Football: Don’t make decisions about it out of fear

Football: Don’t make decisions about it out of fear

At the same time that I’ve known many, many men who suffer from football injuries, few (if any) have expressed regret for playing. In fact, many of them credit football for shaping their lives and character in profound and positive ways and look forward to seeing their own sons take the field. Of course, football does not build everyone’s character (as the NFL’s current troubles demonstrate), and it’s thus not a foolproof rite of passage into manhood, but football does offer something that young men need: an opportunity to show courage.

That’s not to say that one can’t show courage on the basketball court or the lacrosse field or in other, non-athletic ways, but football creates one of the more primal conflicts between your desire to win, to contribute to the team, and the instincts of self-preservation and pain-avoidance. I’ve found for young men, courage is habit-forming, but so is cowardice — to the point where many grown men now sneer at courage or treat its display with a kind of shrugging indifference, perfectly content to let others take the risks necessary to preserve our culture, protect our communities, and pass down enduring values to the next generation. …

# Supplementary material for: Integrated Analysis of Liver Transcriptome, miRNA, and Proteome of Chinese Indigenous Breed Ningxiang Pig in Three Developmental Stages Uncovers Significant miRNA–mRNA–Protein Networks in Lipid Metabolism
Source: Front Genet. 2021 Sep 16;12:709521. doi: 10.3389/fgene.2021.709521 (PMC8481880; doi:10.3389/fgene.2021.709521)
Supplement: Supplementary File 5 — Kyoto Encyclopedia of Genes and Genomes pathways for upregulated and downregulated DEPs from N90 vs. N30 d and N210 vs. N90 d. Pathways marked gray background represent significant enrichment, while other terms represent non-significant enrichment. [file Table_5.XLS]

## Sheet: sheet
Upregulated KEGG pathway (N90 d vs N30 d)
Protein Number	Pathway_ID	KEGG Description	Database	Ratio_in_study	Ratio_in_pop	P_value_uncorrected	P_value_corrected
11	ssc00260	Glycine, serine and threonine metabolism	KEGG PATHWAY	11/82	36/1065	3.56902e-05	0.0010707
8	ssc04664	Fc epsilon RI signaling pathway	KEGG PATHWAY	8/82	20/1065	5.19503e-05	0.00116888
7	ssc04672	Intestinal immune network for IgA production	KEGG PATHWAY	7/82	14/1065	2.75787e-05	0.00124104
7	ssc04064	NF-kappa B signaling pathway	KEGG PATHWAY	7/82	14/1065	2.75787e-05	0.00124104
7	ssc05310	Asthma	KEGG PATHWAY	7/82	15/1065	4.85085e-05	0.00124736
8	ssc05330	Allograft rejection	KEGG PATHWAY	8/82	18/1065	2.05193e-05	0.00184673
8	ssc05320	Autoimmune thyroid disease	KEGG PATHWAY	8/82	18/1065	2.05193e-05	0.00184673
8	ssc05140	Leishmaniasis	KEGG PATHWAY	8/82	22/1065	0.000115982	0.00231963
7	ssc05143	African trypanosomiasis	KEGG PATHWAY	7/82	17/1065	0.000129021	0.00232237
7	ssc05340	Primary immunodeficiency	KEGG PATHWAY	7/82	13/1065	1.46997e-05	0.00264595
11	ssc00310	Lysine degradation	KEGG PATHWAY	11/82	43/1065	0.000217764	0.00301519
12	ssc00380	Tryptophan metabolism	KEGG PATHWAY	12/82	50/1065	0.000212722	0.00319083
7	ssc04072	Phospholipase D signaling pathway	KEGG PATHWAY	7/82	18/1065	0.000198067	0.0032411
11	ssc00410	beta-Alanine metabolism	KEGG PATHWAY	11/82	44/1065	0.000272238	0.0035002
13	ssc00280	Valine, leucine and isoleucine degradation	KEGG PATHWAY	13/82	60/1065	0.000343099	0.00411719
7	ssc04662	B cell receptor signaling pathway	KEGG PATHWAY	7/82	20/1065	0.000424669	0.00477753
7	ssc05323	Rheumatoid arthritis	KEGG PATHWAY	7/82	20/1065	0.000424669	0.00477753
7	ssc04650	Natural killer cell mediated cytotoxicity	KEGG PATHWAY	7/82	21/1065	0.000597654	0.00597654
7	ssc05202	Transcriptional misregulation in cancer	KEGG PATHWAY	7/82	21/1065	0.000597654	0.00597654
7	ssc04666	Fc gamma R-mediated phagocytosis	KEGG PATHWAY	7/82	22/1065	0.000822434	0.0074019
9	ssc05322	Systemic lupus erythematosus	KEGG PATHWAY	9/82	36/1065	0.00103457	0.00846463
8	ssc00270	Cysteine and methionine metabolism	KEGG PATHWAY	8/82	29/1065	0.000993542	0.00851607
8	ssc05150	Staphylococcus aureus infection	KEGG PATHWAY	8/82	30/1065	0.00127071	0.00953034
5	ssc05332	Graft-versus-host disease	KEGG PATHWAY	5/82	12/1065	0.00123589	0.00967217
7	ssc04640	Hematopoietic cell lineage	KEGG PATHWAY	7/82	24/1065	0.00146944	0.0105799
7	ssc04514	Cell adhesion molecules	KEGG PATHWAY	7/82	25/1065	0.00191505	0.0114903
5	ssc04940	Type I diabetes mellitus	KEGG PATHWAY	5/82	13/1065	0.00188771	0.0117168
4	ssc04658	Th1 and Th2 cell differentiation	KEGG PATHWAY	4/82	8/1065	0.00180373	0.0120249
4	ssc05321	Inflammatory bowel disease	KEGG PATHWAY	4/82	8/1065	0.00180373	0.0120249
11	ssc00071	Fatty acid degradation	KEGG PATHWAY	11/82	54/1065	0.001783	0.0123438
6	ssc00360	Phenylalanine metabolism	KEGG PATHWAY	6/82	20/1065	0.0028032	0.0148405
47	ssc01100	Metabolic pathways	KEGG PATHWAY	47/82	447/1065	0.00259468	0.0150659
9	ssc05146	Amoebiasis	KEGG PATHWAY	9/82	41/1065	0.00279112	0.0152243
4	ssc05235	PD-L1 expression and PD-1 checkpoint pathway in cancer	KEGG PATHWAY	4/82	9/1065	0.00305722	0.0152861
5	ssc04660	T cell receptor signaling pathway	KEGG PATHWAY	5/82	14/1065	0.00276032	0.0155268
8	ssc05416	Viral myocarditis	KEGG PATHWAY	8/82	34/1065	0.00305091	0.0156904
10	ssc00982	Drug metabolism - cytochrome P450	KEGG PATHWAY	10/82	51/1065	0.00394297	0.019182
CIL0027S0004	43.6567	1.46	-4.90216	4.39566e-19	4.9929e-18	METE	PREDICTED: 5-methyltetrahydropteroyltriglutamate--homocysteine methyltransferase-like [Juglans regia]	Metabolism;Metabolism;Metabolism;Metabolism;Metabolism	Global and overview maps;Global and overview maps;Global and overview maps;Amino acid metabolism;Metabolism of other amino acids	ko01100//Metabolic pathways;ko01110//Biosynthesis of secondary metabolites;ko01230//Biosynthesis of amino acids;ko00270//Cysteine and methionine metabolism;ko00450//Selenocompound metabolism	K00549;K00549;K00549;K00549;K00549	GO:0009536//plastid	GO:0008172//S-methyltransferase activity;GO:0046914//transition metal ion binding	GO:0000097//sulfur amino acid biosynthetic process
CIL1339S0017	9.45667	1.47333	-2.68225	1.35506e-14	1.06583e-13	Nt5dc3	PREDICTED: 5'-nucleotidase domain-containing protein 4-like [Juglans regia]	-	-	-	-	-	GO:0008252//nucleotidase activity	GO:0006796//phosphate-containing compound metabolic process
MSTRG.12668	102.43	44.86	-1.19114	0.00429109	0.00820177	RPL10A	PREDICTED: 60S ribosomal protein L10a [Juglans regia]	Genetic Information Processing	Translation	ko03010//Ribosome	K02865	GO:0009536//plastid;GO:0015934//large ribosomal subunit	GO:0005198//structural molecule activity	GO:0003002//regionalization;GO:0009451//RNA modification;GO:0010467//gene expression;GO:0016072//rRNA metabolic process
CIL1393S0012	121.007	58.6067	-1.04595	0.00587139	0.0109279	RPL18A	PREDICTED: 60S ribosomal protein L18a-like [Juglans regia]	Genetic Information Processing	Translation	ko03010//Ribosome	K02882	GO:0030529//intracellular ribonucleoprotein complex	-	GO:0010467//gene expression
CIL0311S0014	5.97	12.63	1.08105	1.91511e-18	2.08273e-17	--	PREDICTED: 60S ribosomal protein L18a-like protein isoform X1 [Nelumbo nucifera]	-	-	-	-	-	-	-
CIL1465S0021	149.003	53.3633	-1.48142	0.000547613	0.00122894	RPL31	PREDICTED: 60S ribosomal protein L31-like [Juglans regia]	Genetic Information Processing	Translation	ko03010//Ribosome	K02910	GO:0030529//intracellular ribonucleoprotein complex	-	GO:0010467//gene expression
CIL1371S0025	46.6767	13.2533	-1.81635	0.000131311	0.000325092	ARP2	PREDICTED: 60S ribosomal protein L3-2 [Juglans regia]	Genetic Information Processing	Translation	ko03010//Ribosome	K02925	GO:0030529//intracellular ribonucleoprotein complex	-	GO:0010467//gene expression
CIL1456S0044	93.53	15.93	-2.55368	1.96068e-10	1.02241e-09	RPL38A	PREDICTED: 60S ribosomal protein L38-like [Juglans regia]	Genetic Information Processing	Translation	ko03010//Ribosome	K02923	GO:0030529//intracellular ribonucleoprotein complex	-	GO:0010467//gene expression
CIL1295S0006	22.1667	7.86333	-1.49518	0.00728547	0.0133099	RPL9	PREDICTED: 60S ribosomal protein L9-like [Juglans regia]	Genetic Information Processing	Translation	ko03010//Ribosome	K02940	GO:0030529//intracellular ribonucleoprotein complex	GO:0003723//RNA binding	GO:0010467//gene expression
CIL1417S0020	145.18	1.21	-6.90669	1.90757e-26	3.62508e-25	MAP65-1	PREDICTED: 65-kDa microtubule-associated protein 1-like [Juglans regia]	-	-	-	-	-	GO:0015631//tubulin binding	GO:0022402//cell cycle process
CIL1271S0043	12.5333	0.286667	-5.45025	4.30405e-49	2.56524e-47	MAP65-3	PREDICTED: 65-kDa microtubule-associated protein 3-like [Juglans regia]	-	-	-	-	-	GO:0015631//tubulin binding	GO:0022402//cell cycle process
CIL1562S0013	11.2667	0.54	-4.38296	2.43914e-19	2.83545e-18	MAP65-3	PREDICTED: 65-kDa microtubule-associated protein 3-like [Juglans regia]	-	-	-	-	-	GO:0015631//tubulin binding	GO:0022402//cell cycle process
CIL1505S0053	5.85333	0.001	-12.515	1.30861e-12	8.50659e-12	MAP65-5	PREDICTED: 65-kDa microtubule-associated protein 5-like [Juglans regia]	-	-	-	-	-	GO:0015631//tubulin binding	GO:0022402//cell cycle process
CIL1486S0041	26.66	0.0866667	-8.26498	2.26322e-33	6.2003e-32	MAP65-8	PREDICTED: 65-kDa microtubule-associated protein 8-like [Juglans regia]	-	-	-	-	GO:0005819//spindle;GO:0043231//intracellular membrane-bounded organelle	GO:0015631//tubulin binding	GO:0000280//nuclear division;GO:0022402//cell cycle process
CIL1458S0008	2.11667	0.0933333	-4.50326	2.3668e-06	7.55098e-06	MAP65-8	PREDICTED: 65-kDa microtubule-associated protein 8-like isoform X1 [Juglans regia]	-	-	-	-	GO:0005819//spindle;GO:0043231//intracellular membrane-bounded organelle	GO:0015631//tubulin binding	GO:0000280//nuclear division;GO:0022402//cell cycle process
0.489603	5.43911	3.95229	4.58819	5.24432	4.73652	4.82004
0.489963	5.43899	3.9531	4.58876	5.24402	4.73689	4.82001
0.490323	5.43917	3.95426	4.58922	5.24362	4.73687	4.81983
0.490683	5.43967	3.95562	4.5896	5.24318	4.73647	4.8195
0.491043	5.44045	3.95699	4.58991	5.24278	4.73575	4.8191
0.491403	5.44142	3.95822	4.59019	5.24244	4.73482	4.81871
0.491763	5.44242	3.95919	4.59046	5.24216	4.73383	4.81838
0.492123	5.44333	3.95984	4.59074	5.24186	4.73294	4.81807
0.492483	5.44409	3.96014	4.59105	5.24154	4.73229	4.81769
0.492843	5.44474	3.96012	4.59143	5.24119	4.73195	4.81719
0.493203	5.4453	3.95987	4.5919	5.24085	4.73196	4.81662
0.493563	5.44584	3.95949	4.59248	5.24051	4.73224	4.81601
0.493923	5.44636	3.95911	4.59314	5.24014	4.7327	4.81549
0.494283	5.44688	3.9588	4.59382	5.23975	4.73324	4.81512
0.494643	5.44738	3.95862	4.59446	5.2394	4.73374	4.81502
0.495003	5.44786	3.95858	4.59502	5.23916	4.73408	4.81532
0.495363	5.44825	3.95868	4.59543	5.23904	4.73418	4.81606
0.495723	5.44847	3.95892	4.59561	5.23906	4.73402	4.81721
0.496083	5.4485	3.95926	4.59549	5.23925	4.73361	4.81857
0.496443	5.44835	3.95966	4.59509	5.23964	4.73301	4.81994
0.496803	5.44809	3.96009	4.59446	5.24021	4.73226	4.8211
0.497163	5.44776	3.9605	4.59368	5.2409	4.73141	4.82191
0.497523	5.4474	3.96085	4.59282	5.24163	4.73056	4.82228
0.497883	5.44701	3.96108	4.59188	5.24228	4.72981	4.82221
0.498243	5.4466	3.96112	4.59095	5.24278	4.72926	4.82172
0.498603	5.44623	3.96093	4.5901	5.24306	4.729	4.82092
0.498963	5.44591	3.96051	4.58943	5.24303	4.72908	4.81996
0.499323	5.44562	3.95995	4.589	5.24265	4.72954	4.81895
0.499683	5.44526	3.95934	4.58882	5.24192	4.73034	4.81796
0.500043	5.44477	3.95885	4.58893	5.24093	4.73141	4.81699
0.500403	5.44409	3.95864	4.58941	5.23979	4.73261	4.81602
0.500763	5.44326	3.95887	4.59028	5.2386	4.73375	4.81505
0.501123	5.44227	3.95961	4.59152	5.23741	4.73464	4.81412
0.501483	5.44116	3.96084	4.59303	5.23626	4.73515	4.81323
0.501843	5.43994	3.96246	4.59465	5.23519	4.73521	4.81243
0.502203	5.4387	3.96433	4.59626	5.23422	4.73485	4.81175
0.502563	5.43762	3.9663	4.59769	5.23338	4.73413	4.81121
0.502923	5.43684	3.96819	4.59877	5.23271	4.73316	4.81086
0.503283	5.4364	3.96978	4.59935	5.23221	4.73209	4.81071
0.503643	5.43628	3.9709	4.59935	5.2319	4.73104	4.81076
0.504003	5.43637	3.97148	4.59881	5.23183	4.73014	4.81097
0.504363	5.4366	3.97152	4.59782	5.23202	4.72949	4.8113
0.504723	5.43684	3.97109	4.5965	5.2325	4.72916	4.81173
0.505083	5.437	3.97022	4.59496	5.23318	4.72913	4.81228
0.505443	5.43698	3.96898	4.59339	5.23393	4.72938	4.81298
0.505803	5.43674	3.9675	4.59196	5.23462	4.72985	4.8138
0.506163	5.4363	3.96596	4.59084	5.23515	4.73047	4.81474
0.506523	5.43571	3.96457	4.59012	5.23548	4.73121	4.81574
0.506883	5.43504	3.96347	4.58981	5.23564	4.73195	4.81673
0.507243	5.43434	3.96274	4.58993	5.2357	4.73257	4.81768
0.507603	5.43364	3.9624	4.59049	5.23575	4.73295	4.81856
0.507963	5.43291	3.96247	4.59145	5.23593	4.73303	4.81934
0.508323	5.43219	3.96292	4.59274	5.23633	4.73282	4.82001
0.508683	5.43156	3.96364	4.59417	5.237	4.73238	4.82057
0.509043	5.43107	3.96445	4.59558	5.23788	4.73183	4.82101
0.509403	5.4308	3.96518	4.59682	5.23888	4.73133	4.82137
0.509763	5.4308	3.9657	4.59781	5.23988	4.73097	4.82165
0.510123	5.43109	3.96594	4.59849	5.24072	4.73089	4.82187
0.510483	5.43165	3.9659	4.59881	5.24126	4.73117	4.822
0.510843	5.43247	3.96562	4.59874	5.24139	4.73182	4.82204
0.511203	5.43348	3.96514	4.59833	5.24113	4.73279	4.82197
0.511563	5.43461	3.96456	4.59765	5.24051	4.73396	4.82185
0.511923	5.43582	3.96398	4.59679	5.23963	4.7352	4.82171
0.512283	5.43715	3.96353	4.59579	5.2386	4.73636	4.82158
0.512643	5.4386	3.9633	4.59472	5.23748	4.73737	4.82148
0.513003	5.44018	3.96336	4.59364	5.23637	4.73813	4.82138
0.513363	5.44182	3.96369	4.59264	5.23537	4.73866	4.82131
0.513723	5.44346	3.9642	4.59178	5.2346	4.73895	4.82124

[W]hile I should obviously care for my body, the care and feeding of my soul — the building of my character — is by far the most important consideration. Does the sheer joy of athletic competition, combined with the necessity of overcoming fear in the face of real risk, build character? It can and does. Is it worth risks to the body to build character? Absolutely. …

The problem with football isn’t the sport itself, but our changing perception of acceptable risk.

Every parent must make their own decisions (indeed, forcing children into sports they don’t enjoy can cause an avalanche of family bitterness), but if we train our children to believe that pain and risk-avoidance are among the highest of values, then we cannot expect them to grow out of that belief. And there will be fewer and fewer young men willing to risk anything — much less risk everything — to preserve a nation and culture that was built at such great and enduring cost.

Play football or don’t play football, but please don’t make that choice because you’re afraid.

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